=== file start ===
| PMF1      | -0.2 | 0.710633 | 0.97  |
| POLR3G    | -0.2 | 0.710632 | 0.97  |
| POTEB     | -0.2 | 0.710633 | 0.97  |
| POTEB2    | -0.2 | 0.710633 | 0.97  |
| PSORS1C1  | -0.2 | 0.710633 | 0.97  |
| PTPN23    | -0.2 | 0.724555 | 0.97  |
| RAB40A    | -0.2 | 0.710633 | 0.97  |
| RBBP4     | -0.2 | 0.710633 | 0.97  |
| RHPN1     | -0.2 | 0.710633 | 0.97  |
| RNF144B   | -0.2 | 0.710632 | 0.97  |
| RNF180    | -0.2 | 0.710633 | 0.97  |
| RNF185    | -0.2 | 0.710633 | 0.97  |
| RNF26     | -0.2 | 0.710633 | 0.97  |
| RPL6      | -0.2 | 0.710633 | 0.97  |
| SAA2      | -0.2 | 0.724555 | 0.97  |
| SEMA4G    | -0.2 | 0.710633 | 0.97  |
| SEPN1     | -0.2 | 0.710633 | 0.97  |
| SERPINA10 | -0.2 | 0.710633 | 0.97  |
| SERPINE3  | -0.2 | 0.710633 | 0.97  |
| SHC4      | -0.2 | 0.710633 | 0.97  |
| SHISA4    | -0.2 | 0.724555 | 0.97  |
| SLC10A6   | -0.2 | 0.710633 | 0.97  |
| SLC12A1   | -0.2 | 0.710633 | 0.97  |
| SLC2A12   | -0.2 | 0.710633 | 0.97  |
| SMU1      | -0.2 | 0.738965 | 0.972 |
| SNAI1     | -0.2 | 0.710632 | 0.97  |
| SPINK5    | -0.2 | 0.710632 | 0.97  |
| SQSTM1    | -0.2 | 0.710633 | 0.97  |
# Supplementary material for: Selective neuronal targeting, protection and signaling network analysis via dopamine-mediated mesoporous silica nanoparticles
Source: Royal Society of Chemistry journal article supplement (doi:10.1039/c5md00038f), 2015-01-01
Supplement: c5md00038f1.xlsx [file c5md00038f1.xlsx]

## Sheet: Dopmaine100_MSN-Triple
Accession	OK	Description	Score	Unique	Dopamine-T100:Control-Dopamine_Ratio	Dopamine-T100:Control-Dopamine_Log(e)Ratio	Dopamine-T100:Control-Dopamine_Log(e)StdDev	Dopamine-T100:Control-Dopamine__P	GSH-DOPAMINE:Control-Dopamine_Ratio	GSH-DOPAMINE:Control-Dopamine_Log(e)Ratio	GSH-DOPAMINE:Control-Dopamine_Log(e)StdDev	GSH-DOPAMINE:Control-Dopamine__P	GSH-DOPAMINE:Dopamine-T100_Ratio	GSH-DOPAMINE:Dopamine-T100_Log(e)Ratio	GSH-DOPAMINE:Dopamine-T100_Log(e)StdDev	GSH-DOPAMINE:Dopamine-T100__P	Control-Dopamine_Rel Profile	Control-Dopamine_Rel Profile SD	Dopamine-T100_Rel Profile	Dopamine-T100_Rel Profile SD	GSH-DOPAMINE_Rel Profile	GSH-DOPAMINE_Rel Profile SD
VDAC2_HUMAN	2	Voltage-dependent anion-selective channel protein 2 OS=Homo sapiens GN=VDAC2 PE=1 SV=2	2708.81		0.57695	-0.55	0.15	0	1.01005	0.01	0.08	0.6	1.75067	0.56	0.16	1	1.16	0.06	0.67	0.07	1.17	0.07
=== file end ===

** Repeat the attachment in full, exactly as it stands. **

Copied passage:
| PMF1      | -0.2 | 0.710633 | 0.97  |
| POLR3G    | -0.2 | 0.710632 | 0.97  |
| POTEB     | -0.2 | 0.710633 | 0.97  |
| POTEB2    | -0.2 | 0.710633 | 0.97  |
| PSORS1C1  | -0.2 | 0.710633 | 0.97  |
| PTPN23    | -0.2 | 0.724555 | 0.97  |
| RAB40A    | -0.2 | 0.710633 | 0.97  |
| RBBP4     | -0.2 | 0.710633 | 0.97  |
| RHPN1     | -0.2 | 0.710633 | 0.97  |
| RNF144B   | -0.2 | 0.710632 | 0.97  |
| RNF180    | -0.2 | 0.710633 | 0.97  |
| RNF185    | -0.2 | 0.710633 | 0.97  |
| RNF26     | -0.2 | 0.710633 | 0.97  |
| RPL6      | -0.2 | 0.710633 | 0.97  |
| SAA2      | -0.2 | 0.724555 | 0.97  |
| SEMA4G    | -0.2 | 0.710633 | 0.97  |
| SEPN1     | -0.2 | 0.710633 | 0.97  |
| SERPINA10 | -0.2 | 0.710633 | 0.97  |
| SERPINE3  | -0.2 | 0.710633 | 0.97  |
| SHC4      | -0.2 | 0.710633 | 0.97  |
| SHISA4    | -0.2 | 0.724555 | 0.97  |
| SLC10A6   | -0.2 | 0.710633 | 0.97  |
| SLC12A1   | -0.2 | 0.710633 | 0.97  |
| SLC2A12   | -0.2 | 0.710633 | 0.97  |
| SMU1      | -0.2 | 0.738965 | 0.972 |
| SNAI1     | -0.2 | 0.710632 | 0.97  |
| SPINK5    | -0.2 | 0.710632 | 0.97  |
| SQSTM1    | -0.2 | 0.710633 | 0.97  |
# Supplementary material for: Selective neuronal targeting, protection and signaling network analysis via dopamine-mediated mesoporous silica nanoparticles
Source: Royal Society of Chemistry journal article supplement (doi:10.1039/c5md00038f), 2015-01-01
Supplement: c5md00038f1.xlsx [file c5md00038f1.xlsx]

## Sheet: Dopmaine100_MSN-Triple
Accession	OK	Description	Score	Unique	Dopamine-T100:Control-Dopamine_Ratio	Dopamine-T100:Control-Dopamine_Log(e)Ratio	Dopamine-T100:Control-Dopamine_Log(e)StdDev	Dopamine-T100:Control-Dopamine__P	GSH-DOPAMINE:Control-Dopamine_Ratio	GSH-DOPAMINE:Control-Dopamine_Log(e)Ratio	GSH-DOPAMINE:Control-Dopamine_Log(e)StdDev	GSH-DOPAMINE:Control-Dopamine__P	GSH-DOPAMINE:Dopamine-T100_Ratio	GSH-DOPAMINE:Dopamine-T100_Log(e)Ratio	GSH-DOPAMINE:Dopamine-T100_Log(e)StdDev	GSH-DOPAMINE:Dopamine-T100__P	Control-Dopamine_Rel Profile	Control-Dopamine_Rel Profile SD	Dopamine-T100_Rel Profile	Dopamine-T100_Rel Profile SD	GSH-DOPAMINE_Rel Profile	GSH-DOPAMINE_Rel Profile SD
VDAC2_HUMAN	2	Voltage-dependent anion-selective channel protein 2 OS=Homo sapiens GN=VDAC2 PE=1 SV=2	2708.81		0.57695	-0.55	0.15	0	1.01005	0.01	0.08	0.6	1.75067	0.56	0.16	1	1.16	0.06	0.67	0.07	1.17	0.07